Bad Advice Wednesday: Don’t Believe What You Think

categories: Bad Advice / Cocktail Hour

2 comments


A great place for a personal essay to start is with a long-cherished belief.  Like that vitamin C helps colds, or that Jesus wasn’t married, or that the ocean is too vast to harm, or that such-and-such a writer is great or horrible, or that such-and-such type of music is boring, or that such-and-such city sucks.  And on and on.

Abstractions don’t really count, as you can’t really can’t get into much depth about whether love is all you need, love is all you need, love is all you need.  And straw men (stuff that everyone knows isn’t true, exhaustively argued) don’t count either.  A couple of which I’ve got listed above—I couldn’t seem to help riding my various hobby horses.

State the belief, and then set out (through research, travel, interviews, experiment) to prove yourself right, or wrong.  Wrong makes the best essay, with the movement from surety to correction providing the drama.

 

Bill Roorbach has a way of sounding right even when he’s wrong, and he’s often wrong.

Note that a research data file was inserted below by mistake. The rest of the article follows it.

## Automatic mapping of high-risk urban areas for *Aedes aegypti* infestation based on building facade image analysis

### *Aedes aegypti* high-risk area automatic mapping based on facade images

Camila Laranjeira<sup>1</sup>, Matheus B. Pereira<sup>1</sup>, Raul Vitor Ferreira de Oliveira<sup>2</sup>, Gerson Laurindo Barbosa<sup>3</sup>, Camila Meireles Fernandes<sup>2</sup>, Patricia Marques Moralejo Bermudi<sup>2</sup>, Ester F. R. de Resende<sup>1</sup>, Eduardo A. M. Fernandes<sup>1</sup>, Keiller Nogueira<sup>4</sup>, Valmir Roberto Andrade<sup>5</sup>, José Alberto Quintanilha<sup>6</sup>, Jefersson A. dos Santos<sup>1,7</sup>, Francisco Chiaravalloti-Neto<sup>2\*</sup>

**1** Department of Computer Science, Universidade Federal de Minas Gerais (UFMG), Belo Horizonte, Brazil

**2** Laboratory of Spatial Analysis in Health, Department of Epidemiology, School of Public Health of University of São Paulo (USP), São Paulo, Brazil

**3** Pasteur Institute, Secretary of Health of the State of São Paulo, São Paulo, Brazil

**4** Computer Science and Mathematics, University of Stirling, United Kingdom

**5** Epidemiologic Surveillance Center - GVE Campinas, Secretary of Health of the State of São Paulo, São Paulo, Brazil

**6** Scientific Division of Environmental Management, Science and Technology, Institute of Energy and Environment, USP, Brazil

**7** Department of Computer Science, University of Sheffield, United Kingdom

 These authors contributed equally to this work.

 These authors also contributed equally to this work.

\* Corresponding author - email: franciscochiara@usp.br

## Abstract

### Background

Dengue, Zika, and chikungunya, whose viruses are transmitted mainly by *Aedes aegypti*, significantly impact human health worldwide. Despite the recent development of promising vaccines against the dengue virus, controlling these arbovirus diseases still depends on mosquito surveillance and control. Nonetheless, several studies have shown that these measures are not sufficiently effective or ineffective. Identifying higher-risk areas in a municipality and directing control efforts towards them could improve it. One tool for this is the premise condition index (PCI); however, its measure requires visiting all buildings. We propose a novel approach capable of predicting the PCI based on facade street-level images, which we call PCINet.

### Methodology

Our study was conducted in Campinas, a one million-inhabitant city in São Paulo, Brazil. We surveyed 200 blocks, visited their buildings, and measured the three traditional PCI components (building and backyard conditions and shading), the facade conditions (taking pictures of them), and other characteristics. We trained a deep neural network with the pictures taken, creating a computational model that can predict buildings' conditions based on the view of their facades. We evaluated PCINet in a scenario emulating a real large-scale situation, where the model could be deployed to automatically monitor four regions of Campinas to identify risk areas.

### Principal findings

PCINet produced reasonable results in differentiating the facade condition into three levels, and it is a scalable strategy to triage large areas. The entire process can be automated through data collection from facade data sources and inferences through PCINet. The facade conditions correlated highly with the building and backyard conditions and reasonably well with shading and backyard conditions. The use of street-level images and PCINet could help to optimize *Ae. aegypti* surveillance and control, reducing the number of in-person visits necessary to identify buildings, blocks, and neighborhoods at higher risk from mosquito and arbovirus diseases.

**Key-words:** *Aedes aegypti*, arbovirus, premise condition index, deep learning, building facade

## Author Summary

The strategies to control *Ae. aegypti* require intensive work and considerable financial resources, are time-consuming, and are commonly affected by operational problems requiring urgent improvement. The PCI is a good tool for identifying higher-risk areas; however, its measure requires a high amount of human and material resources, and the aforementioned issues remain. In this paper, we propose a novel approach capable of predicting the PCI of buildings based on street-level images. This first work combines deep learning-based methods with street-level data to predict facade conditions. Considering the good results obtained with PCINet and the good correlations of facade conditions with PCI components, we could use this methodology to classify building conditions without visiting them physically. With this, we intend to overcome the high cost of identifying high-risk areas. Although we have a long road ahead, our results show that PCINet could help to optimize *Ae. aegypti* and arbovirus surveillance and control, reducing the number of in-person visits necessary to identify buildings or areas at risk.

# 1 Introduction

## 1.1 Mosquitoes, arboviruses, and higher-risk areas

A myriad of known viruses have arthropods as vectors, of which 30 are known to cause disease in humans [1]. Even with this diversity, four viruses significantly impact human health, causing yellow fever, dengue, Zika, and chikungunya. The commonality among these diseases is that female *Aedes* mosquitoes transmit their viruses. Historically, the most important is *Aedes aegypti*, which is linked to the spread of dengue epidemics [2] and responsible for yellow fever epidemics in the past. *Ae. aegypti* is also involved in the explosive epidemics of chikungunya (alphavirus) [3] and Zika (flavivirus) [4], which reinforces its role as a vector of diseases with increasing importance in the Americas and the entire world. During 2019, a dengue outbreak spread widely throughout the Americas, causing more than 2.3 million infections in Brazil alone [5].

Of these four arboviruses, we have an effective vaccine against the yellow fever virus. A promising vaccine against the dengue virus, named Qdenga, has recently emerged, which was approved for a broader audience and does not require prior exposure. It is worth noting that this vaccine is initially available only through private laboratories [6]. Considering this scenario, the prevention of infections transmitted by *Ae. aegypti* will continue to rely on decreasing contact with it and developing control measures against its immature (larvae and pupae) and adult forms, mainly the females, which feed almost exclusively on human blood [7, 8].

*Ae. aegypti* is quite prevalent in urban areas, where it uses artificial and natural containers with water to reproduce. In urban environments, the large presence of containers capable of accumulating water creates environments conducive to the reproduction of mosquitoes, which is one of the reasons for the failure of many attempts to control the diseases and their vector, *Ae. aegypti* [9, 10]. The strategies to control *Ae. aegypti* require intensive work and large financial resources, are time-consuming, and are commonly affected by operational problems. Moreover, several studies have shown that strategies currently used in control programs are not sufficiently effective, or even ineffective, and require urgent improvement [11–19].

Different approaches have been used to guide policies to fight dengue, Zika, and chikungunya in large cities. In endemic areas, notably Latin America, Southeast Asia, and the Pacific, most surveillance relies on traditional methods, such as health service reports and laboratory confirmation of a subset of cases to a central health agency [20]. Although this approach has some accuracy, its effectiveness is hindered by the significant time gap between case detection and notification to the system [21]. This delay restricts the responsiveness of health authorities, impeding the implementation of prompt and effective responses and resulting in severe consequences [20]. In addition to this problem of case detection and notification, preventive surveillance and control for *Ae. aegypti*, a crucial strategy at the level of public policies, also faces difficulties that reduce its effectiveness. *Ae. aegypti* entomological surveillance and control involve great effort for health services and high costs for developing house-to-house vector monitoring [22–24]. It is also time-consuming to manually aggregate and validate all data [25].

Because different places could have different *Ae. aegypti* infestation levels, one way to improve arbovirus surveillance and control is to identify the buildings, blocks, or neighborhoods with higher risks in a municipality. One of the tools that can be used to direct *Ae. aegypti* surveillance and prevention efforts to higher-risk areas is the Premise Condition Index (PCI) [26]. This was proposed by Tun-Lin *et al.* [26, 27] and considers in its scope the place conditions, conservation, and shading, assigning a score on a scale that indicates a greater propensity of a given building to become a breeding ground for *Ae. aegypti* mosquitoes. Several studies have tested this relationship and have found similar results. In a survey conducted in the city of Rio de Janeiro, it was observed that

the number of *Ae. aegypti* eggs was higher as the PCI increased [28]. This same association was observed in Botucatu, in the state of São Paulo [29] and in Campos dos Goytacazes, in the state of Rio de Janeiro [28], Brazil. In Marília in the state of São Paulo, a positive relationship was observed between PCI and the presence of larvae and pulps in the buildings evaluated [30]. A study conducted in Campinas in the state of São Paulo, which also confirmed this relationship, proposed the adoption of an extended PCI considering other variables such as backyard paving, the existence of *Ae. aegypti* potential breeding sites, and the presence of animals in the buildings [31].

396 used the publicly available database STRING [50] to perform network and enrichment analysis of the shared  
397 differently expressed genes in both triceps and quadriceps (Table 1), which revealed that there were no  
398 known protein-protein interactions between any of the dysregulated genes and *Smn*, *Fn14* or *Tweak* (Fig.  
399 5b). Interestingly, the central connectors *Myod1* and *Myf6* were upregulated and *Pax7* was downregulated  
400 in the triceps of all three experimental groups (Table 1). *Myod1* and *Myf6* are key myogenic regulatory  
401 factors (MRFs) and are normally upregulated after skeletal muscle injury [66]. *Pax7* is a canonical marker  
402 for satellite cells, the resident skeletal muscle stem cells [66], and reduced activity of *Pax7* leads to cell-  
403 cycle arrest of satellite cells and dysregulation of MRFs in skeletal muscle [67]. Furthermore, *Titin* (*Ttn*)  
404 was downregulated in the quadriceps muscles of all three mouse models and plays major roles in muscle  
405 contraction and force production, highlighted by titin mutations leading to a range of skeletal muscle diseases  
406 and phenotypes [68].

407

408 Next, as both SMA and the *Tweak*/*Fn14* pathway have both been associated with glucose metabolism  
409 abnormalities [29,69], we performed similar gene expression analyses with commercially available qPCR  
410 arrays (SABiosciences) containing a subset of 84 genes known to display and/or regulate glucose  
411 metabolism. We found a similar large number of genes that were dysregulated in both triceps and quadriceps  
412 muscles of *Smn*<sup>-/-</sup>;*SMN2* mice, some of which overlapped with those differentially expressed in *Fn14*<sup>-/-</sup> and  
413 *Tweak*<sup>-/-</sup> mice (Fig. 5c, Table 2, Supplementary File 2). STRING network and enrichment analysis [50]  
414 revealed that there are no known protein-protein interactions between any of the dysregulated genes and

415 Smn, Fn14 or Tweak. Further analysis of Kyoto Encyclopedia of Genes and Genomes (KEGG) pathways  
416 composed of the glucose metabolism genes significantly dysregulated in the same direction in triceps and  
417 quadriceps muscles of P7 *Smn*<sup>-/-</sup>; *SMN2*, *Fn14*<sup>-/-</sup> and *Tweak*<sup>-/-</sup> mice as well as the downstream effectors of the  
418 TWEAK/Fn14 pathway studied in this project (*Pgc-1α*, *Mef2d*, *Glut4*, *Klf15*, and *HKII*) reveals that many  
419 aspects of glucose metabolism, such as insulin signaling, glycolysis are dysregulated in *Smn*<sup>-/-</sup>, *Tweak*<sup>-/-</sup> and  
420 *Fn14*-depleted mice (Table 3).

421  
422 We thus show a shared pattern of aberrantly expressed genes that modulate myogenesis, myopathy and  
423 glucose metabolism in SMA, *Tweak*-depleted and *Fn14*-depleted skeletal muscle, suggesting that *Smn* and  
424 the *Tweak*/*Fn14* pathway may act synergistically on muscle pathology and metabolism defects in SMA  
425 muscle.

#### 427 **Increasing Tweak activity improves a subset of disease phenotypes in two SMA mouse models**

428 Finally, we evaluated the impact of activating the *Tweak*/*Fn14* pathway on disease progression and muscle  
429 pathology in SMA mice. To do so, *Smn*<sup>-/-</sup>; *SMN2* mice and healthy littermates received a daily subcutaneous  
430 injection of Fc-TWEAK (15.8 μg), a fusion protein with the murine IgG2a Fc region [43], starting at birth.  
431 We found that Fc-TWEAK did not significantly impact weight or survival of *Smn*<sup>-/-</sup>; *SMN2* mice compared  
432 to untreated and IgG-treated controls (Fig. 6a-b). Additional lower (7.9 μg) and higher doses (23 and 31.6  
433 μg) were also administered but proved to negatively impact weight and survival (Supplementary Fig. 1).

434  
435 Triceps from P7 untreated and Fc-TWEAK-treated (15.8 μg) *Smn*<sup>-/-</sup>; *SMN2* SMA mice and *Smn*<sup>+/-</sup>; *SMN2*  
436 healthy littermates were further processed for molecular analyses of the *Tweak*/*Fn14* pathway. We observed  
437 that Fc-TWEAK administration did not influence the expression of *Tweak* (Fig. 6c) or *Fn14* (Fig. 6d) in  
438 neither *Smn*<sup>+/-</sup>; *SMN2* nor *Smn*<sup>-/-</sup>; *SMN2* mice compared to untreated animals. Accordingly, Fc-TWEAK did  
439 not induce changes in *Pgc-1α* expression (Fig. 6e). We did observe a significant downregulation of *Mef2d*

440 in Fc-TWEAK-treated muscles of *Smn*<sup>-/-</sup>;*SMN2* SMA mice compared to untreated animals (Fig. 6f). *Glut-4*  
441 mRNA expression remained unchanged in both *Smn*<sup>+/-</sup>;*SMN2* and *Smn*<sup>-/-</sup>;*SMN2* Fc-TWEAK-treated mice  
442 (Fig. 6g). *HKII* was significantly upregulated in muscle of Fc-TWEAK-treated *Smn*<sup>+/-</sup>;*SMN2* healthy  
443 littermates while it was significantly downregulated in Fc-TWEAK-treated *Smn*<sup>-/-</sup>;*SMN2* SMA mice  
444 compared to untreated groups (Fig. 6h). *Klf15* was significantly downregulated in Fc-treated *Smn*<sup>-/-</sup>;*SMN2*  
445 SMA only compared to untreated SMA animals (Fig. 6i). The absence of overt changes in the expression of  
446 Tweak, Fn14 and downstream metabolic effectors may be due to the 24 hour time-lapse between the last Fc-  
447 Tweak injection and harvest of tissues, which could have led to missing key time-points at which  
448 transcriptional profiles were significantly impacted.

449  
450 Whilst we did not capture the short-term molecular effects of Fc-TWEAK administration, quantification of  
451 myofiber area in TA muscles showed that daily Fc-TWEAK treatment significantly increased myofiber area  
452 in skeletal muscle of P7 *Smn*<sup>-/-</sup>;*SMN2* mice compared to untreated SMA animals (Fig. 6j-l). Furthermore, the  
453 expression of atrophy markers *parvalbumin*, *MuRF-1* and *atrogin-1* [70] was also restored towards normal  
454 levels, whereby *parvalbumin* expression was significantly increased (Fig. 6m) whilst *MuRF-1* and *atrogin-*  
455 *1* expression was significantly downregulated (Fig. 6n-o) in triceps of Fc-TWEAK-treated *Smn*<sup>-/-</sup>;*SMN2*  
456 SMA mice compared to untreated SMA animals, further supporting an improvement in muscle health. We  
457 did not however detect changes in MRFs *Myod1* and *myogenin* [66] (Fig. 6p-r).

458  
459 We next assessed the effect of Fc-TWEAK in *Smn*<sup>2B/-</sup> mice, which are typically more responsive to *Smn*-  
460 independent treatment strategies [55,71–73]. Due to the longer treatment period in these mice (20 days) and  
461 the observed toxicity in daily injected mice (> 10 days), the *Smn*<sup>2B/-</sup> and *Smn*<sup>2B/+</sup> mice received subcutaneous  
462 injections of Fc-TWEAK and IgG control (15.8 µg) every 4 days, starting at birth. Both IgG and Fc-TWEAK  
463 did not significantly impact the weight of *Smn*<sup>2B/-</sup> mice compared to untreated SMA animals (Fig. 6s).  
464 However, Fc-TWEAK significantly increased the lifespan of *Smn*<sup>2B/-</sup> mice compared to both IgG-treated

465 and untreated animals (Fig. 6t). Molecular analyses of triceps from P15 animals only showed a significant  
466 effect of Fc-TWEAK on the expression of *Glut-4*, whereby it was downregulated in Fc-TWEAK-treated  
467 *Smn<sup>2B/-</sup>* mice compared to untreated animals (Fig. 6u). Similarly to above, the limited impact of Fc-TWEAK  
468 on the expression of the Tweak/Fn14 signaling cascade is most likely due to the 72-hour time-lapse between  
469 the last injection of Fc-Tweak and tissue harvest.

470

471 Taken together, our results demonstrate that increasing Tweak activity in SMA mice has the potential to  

1. Richard Gilbert writes:

    Bill, I recently wrote about PSH, a blog post I vehemently disagree with! Here it is:

    http://richardgilbert.me/art-and-suffering-philip-seymour-hoffmans-wound-his-bow/

    Basically, I said that his work—going deep, to emotional extremes—was hard on him and led to addiction and that led to his death.

    Writing that was clarifying for me: instead, I think addiction was in his nature: the nature that was, admittedly, sensitive and suffering and estranged. But did his dark movie roles send him over the edge, as I implied. Nope. Probably not. Not so much. He was an addict. Now there may be a link to the vaunted “artistic temperament” there. But the specific roles? I’ve decided, post blog post, that probably not so much . . .

  2. Steve MC writes:

    I’ve been doing some research for a piece of fiction, and was rather humbled (or rather, grumbled) to find out that my long-cherished hobby horses were, well, hobbled. I’d heard just one side of the argument and hadn’t bothered to look into it any further.

    This bothered me for some weeks, as fact after fact hit the fan, but then I realized just as you said – that reading of someone totally assured of their views isn’t very interesting. It’s those who question, trip, stumble, and keep going, with a new perspective, and maybe even a bit wiser, who most mirror our own experience. And might actually have something to teach us.